Deforestation and poverty have had a close relationship to one another for a very long time. Individuals around the world have used wood either as a fuel for fire, shelter or weapons for hundreds of thousands of years. Nowadays, communities around the world that are not prosperous enough to survive begin to rely on selling wood and clearing forests in order to survive.
Much of the deforestation today is illegal. However, there are still communities that continue to subsist on illegally-felled wood. In fact, a World Bank report estimated that “illegal loggers cut down an area of forest the size of a football field every two seconds.” This cannot continue. Forests are vital to sustaining the worldwide ecosystem.
Currently, the top three countries involved in deforestation are Russia (mostly in the east), Brazil and the United States of America, which still has plenty of woodland. The U.S. is prosperous enough that it can afford to put resources into sustainable practices, such as replanting trees and improving enforcement of the law.
However, most other countries cannot afford these things. Most of the illegal logging comes from Russia, Brazil and China, attributing to 16.9 percent, 16.0 percent and 12.3 percent of all illegal logging worldwide, respectively.
It is unknown, though, whether the communities which do the illegal felling are in fact severely poor. Because people who are committing this crime do not want to expose themselves, there are few to no statistics on the exact portion of deforestation that is due to poverty. All three countries have relatively low GDP per capita’s though (between $8,000-$9,000 U.S. Dollars) as well as high GINI indices of above 41, which suggest that many of the communities in those countries survive on deforestation, are very poor.
However, we must be careful to not generalize this for all illegal deforestation. In fact, according to Forests News, big corporations are responsible for fueling this industry, as they can gain profits from agricultural land. Putting pressure on these businesses, such as McDonalds or Asia Pulp & Paper (APP), will likely lessen the effect of deforestation. However, it won’t help the poor become more prosperous, and it will likely make them even poorer.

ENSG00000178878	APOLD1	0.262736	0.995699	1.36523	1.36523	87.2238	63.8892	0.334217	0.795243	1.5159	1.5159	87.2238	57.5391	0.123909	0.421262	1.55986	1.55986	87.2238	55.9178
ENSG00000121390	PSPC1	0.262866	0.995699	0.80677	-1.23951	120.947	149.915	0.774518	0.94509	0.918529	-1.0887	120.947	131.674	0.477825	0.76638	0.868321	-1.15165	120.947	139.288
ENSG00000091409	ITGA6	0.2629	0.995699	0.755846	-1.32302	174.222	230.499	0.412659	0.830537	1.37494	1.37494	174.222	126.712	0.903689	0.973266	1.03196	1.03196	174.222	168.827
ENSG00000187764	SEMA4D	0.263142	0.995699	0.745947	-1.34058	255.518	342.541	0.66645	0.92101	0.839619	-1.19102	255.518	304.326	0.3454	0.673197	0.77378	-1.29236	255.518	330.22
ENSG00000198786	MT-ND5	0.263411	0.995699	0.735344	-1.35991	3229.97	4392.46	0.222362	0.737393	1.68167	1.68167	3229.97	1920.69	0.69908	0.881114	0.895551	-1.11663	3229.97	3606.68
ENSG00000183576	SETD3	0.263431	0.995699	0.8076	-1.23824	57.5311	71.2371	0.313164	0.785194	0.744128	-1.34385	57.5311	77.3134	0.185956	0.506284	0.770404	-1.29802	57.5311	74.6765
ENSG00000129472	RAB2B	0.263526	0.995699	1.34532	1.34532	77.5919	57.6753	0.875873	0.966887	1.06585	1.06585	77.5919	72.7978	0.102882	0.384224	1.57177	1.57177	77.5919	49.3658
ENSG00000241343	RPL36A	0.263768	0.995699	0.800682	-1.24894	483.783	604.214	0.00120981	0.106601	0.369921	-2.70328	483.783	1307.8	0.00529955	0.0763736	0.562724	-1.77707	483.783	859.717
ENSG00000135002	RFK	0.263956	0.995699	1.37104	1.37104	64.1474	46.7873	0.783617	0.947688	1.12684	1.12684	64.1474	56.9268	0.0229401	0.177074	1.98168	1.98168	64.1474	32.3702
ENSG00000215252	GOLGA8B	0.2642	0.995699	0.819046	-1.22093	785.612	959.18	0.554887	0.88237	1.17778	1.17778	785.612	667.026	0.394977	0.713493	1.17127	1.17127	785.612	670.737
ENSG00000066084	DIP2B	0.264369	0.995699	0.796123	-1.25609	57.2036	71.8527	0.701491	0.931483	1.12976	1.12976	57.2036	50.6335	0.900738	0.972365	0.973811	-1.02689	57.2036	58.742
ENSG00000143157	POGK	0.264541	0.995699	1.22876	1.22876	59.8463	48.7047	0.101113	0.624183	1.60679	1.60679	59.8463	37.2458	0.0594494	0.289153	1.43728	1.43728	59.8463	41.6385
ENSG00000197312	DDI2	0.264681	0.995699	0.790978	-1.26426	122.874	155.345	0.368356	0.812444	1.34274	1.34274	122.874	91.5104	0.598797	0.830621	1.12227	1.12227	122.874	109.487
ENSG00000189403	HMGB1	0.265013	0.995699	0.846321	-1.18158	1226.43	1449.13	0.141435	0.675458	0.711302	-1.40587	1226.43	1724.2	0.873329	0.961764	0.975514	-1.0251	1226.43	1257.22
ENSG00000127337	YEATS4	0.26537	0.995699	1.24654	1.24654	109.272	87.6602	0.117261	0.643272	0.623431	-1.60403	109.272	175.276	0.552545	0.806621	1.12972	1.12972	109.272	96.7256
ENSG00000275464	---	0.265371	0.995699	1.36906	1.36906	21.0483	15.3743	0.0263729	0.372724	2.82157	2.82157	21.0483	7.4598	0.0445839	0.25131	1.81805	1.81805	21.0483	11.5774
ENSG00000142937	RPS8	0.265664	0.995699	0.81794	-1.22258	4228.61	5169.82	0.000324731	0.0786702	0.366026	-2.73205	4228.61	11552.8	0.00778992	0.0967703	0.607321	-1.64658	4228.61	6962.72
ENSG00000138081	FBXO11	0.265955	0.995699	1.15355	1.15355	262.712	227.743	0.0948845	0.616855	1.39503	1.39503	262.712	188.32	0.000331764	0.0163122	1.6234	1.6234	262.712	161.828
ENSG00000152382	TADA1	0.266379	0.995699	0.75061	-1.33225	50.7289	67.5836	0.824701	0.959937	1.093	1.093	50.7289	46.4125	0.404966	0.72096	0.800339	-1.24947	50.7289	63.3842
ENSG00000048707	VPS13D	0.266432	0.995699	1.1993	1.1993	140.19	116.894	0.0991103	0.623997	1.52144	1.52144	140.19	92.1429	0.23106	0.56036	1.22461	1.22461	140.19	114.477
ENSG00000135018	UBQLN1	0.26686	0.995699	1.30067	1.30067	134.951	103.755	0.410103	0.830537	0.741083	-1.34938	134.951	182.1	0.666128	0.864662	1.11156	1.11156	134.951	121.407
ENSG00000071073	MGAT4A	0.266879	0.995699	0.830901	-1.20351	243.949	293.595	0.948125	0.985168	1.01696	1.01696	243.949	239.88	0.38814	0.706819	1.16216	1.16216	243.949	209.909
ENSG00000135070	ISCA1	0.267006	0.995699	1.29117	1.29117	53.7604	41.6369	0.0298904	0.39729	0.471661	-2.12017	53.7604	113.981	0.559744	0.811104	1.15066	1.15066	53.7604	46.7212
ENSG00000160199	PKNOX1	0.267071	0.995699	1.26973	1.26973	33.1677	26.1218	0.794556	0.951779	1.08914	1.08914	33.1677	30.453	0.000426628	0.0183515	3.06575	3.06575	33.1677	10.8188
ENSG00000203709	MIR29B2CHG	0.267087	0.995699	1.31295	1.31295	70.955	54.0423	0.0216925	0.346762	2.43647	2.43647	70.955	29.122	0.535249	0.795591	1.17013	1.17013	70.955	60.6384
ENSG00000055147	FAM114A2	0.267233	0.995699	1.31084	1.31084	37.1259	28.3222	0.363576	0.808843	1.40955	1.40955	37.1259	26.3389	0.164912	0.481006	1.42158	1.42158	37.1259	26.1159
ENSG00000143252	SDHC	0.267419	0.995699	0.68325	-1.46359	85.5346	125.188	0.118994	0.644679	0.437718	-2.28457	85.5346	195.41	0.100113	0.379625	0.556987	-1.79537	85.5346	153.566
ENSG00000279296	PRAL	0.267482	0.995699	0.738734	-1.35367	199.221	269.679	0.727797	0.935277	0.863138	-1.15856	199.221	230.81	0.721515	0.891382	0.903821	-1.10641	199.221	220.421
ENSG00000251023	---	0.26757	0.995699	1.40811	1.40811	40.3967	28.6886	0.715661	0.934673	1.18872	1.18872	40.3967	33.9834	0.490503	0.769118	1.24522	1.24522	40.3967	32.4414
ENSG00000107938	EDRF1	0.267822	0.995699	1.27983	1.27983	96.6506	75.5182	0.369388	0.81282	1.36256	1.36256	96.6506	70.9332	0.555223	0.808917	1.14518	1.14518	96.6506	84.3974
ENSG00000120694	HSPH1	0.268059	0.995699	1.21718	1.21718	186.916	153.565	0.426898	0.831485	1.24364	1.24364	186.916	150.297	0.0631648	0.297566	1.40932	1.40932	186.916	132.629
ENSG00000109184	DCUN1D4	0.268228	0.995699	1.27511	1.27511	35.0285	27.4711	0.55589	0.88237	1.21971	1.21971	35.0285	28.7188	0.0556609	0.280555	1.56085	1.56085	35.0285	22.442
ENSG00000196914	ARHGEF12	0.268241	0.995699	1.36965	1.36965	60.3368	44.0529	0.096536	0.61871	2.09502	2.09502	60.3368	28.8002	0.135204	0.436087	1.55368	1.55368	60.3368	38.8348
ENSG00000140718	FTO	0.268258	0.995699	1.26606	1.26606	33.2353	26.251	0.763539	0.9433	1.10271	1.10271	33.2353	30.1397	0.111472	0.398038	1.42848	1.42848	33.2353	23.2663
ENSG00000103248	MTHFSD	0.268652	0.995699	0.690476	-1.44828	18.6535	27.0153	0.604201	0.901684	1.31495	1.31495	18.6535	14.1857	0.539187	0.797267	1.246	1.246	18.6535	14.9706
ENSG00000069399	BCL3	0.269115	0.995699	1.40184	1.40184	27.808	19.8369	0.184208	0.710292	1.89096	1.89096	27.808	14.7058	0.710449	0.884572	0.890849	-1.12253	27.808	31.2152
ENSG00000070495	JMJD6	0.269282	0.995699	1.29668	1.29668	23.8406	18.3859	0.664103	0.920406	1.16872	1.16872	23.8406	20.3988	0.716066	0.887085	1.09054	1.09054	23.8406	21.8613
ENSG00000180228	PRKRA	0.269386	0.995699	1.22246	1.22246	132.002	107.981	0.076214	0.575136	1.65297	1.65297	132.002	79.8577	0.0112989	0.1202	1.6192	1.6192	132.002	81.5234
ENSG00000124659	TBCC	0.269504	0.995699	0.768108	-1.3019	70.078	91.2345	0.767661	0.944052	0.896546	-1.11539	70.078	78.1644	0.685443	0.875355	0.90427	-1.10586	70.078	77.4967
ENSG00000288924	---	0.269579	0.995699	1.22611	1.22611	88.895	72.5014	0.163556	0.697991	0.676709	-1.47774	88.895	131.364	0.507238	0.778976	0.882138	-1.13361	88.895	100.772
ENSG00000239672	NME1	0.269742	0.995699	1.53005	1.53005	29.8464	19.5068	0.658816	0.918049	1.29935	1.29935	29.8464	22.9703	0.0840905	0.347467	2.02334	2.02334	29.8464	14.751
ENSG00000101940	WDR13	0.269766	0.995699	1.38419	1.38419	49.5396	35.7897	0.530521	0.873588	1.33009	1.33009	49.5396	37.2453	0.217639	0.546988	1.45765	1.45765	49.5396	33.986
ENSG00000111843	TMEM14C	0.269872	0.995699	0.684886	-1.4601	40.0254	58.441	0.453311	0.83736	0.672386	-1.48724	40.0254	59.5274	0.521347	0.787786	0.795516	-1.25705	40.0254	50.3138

Thus, what can be done against deforestation and poverty and poverty diminished by deforestation, for the sake of the environment, for the sake of the lives at risk and environmentalism?
Deforestation is vital for farmers who want to expand their farms to create more food for the world’s hungry. Unfortunately, solutions to the problem require worldwide participation against unsustainable practices and, of course, general poverty.
Even if we as a humankind were, in theory, to halt deforestation completely, it would mean that millions of people would potentially go hungry and disrupt the world economy. Therefore, the solutions must be carefully implemented over time.
Brazil has a great record of reducing poverty in previous years, reducing poverty from 24.7 percent in 2001 to 7.4 percent in 2014, according to the World Bank. It has also decreased deforestation from 21,000 square kilometers annually to only 8,000 square kilometers. What has the country done to battle deforestation and poverty?
For deforestation, it has invested more money into protecting the forest: 10 percent of the Amazon is now a protected area. For poverty, it created a slew of social programs, such the updating infrastructure, paid school attendance across the country and, most importantly, created “first global center for poverty reduction” called “Mundo Sem Pobreza.” Together, the two programs have worked in tandem to make the country the next big leader in fighting poverty and deforestation.
If Russia and China can learn from Brazil and focus on these issues in their respective nations, humanity will make great strides in battling both world poverty and climate change.
– Michal Burgunder